TMIS Editorial: Sex abuse and omertà
February 7, 2021
Malta has once again been shaken to the core by allegations of sexual abuse carried out by clergymen, and a feeling of great anger has swept over our society.
But will the rage we are collectively feeling lead us to become a more alert and compassionate society?
Will it make us finally ditch the sense of omertà that still prevails in certain communities, and which keeps well-known ‘secrets’ from being reported to the authorities?
We say this because, while the graphic details emerging from the Gozo court are news to most of us, rumours about this case and others had been doing the rounds for years in Gozo. Yet it is only now, after a decade and a half, that a case has been brought before the courts.
A formal investigation was launched last year when the victim, now 24, finally built up the courage to speak out. He cannot be blamed for taking so long to speak. Victims often feel helpless and discouraged – many times they fear that they will not be taken seriously. More often than not, victims will bottle up the ‘shame’ they feel and refuse to speak to anyone. But that does not mean that they have forgotten, or that they are not carrying the pain.
The alleged victim in this latest case opened up to the court about how this alleged abuse destroyed his life. From a young and innocent boy, he became a troubled teenager who drank, took drugs and tried to end his own life. Like many other victims before him, he carried his secret and his pain for years before finally finding the courage to speak up.
Some sixteen years have passed since his harrowing ordeal, but the young man says he still needs therapy and still has nightmares about the abuse he endured.
There were other victims too, he said, and one of them overdosed on drugs.
Of course, the accused have to be presumed innocent until proven otherwise, but the fact that both the Curia’s Safeguarding Commission and the Police deemed the allegations to be credible, so much so that two people have been charged and indicted, speaks volumes.
It was also revealed this week that a third priest – a former archpriest of the same locality – was also reported over sexual abuse allegations that had been deemed to be credible by the Curia’s Safeguarding Commission, but the police could not prosecute since the case was time-barred.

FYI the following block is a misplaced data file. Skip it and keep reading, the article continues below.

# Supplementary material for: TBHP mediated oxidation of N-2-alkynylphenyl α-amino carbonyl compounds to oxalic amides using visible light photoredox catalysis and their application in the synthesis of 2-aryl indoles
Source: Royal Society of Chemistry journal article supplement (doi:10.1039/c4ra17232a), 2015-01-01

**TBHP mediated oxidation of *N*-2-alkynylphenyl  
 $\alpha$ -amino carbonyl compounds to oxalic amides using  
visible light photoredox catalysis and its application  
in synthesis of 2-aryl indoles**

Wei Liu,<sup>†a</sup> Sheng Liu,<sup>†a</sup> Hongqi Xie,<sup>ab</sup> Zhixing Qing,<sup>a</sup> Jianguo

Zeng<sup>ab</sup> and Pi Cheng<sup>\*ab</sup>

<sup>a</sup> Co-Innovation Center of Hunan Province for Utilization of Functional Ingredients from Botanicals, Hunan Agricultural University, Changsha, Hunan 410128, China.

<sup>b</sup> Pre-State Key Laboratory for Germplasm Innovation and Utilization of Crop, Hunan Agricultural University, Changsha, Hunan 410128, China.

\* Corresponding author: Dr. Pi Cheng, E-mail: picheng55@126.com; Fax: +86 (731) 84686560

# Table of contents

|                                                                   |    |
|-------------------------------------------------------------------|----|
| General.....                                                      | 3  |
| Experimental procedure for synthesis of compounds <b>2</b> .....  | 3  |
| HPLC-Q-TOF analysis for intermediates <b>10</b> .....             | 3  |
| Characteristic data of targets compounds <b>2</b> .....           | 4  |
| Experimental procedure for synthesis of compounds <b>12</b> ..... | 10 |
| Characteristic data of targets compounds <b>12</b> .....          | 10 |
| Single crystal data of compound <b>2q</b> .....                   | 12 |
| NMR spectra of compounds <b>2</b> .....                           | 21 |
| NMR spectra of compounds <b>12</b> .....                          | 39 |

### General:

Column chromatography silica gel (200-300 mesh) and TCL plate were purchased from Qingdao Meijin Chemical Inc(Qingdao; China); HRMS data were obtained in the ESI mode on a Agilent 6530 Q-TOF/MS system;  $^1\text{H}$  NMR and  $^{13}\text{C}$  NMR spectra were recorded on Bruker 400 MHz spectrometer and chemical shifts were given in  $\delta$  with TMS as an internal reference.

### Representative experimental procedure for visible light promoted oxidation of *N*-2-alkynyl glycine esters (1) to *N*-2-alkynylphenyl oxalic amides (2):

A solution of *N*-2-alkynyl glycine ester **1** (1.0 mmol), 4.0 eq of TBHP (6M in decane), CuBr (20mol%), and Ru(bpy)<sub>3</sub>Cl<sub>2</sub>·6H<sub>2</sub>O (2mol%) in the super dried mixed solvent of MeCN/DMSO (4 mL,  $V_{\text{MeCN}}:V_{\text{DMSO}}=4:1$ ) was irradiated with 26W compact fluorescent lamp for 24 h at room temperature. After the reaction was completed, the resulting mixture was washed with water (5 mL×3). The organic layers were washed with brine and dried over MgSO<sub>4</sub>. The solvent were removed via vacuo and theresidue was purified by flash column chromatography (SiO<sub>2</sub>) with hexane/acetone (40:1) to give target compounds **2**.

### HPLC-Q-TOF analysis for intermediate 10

This is not the first sexual abuse case involving priests. It is not the first in Malta and certainly not the first one in the world. Indeed, the Catholic Church the world over has over the past few decades been marred by numerous sexual abuse cases.
We must say that such cases should not reflect on the integrity and good faith of the majority of clergymen. A few rotten apples do not represent the majority and, indeed, the Church remains a force for good and plays a huge role on the community’s spiritual and social needs.
But the fact remains that when someone who people look up to and trust betrays that bond, the case will have a much larger effect on the community.
Perhaps the most worrying thing is the fact that this case was never reported before, despite the fact that people in Xaghra had been hearing the rumours over the years.
Even more worrying is the fact that, in a town where the Church is King, many people are accusing the victim of spreading lies and of trying to tarnish the reputation of the two priests. Hate speech is abounding on Facebook, and some have posted spiteful comments that all but reveal the identity of the young man. It is no wonder that people like him find it so hard to come forward.
Some people have argued that the case is being blown out of proportion, that the media is sensationalising the case. But the heightened public reaction to alleged abuse carried out by clergymen – people who are entrusted with the care of our children – is more than justified.
It is the same for police officers, social workers, teachers and other people whose job is to be responsible for minors. In the case of clergymen, it sounds even worse because, as Catholic priests, such appalling behaviour goes against everything they stand for.
The fact is that the media has a duty to report such cases, because society has a right to know about what goes on behind closed doors and about the long-lasting (if not permanent) effects of such actions on the victims and their families.
The details may be too much for some, but it is a truth that needs to be laid bare if we want to move towards a society that does not turn a blind eye to such behaviour.